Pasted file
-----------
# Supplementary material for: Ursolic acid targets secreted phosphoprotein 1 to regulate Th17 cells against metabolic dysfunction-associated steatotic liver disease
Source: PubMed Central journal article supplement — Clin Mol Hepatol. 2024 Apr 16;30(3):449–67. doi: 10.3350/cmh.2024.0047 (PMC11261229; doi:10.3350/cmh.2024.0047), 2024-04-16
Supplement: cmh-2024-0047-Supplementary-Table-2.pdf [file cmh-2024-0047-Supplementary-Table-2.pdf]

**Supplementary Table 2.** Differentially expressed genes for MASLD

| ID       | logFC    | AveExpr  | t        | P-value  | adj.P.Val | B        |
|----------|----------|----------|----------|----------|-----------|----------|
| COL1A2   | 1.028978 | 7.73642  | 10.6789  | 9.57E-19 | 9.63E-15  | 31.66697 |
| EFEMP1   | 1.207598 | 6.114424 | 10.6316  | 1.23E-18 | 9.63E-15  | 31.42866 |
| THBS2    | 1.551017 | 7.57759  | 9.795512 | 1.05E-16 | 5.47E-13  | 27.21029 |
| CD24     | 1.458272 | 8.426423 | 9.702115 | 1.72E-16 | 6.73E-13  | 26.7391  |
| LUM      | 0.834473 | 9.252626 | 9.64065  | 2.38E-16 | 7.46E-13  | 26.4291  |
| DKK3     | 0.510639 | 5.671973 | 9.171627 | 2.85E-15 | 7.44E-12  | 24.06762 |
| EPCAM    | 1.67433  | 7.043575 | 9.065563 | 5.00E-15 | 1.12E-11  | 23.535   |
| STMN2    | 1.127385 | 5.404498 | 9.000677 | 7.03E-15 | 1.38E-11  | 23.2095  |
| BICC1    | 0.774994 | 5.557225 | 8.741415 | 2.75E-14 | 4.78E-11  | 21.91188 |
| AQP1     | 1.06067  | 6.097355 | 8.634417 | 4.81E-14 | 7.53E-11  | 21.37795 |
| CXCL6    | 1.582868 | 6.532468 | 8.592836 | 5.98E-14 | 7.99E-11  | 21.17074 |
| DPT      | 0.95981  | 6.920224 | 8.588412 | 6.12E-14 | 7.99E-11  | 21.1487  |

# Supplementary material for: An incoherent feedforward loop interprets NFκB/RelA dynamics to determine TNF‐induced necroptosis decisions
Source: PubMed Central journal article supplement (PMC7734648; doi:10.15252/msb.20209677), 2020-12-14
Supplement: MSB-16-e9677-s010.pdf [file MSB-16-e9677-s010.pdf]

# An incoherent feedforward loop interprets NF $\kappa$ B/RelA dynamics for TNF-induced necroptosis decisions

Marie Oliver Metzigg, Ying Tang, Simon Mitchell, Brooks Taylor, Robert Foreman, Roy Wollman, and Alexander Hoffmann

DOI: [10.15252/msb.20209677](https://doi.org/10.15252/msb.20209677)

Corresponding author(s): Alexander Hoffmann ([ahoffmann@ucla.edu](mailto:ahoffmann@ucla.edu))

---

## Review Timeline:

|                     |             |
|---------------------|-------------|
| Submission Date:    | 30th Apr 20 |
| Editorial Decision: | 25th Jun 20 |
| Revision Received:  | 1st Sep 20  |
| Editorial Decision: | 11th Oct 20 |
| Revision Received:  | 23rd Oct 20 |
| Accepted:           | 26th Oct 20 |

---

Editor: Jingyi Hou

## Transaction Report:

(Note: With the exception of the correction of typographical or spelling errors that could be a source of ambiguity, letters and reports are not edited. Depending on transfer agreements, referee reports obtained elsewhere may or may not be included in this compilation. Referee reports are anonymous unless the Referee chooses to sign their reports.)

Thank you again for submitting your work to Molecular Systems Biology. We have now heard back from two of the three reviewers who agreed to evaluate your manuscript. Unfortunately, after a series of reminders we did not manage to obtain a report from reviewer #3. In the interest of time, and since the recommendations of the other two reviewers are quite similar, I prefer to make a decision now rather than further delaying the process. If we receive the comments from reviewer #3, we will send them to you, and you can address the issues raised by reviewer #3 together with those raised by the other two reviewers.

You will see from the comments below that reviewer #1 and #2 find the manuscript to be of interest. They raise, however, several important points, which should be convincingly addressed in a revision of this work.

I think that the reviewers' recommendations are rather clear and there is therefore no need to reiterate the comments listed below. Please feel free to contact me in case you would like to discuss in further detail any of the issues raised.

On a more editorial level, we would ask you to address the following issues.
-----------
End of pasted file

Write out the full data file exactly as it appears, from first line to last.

# Supplementary material for: Ursolic acid targets secreted phosphoprotein 1 to regulate Th17 cells against metabolic dysfunction-associated steatotic liver disease
Source: PubMed Central journal article supplement — Clin Mol Hepatol. 2024 Apr 16;30(3):449–67. doi: 10.3350/cmh.2024.0047 (PMC11261229; doi:10.3350/cmh.2024.0047), 2024-04-16
Supplement: cmh-2024-0047-Supplementary-Table-2.pdf [file cmh-2024-0047-Supplementary-Table-2.pdf]

**Supplementary Table 2.** Differentially expressed genes for MASLD

| ID       | logFC    | AveExpr  | t        | P-value  | adj.P.Val | B        |
|----------|----------|----------|----------|----------|-----------|----------|
| COL1A2   | 1.028978 | 7.73642  | 10.6789  | 9.57E-19 | 9.63E-15  | 31.66697 |
| EFEMP1   | 1.207598 | 6.114424 | 10.6316  | 1.23E-18 | 9.63E-15  | 31.42866 |
| THBS2    | 1.551017 | 7.57759  | 9.795512 | 1.05E-16 | 5.47E-13  | 27.21029 |
| CD24     | 1.458272 | 8.426423 | 9.702115 | 1.72E-16 | 6.73E-13  | 26.7391  |
| LUM      | 0.834473 | 9.252626 | 9.64065  | 2.38E-16 | 7.46E-13  | 26.4291  |
| DKK3     | 0.510639 | 5.671973 | 9.171627 | 2.85E-15 | 7.44E-12  | 24.06762 |
| EPCAM    | 1.67433  | 7.043575 | 9.065563 | 5.00E-15 | 1.12E-11  | 23.535   |
| STMN2    | 1.127385 | 5.404498 | 9.000677 | 7.03E-15 | 1.38E-11  | 23.2095  |
| BICC1    | 0.774994 | 5.557225 | 8.741415 | 2.75E-14 | 4.78E-11  | 21.91188 |
| AQP1     | 1.06067  | 6.097355 | 8.634417 | 4.81E-14 | 7.53E-11  | 21.37795 |
| CXCL6    | 1.582868 | 6.532468 | 8.592836 | 5.98E-14 | 7.99E-11  | 21.17074 |
| DPT      | 0.95981  | 6.920224 | 8.588412 | 6.12E-14 | 7.99E-11  | 21.1487  |

# Supplementary material for: An incoherent feedforward loop interprets NFκB/RelA dynamics to determine TNF‐induced necroptosis decisions
Source: PubMed Central journal article supplement (PMC7734648; doi:10.15252/msb.20209677), 2020-12-14
Supplement: MSB-16-e9677-s010.pdf [file MSB-16-e9677-s010.pdf]

# An incoherent feedforward loop interprets NF $\kappa$ B/RelA dynamics for TNF-induced necroptosis decisions

Marie Oliver Metzigg, Ying Tang, Simon Mitchell, Brooks Taylor, Robert Foreman, Roy Wollman, and Alexander Hoffmann

DOI: [10.15252/msb.20209677](https://doi.org/10.15252/msb.20209677)

Corresponding author(s): Alexander Hoffmann ([ahoffmann@ucla.edu](mailto:ahoffmann@ucla.edu))

---

## Review Timeline:

|                     |             |
|---------------------|-------------|
| Submission Date:    | 30th Apr 20 |
| Editorial Decision: | 25th Jun 20 |
| Revision Received:  | 1st Sep 20  |
| Editorial Decision: | 11th Oct 20 |
| Revision Received:  | 23rd Oct 20 |
| Accepted:           | 26th Oct 20 |

---

Editor: Jingyi Hou

## Transaction Report:

(Note: With the exception of the correction of typographical or spelling errors that could be a source of ambiguity, letters and reports are not edited. Depending on transfer agreements, referee reports obtained elsewhere may or may not be included in this compilation. Referee reports are anonymous unless the Referee chooses to sign their reports.)

Thank you again for submitting your work to Molecular Systems Biology. We have now heard back from two of the three reviewers who agreed to evaluate your manuscript. Unfortunately, after a series of reminders we did not manage to obtain a report from reviewer #3. In the interest of time, and since the recommendations of the other two reviewers are quite similar, I prefer to make a decision now rather than further delaying the process. If we receive the comments from reviewer #3, we will send them to you, and you can address the issues raised by reviewer #3 together with those raised by the other two reviewers.

You will see from the comments below that reviewer #1 and #2 find the manuscript to be of interest. They raise, however, several important points, which should be convincingly addressed in a revision of this work.

I think that the reviewers' recommendations are rather clear and there is therefore no need to reiterate the comments listed below. Please feel free to contact me in case you would like to discuss in further detail any of the issues raised.

On a more editorial level, we would ask you to address the following issues.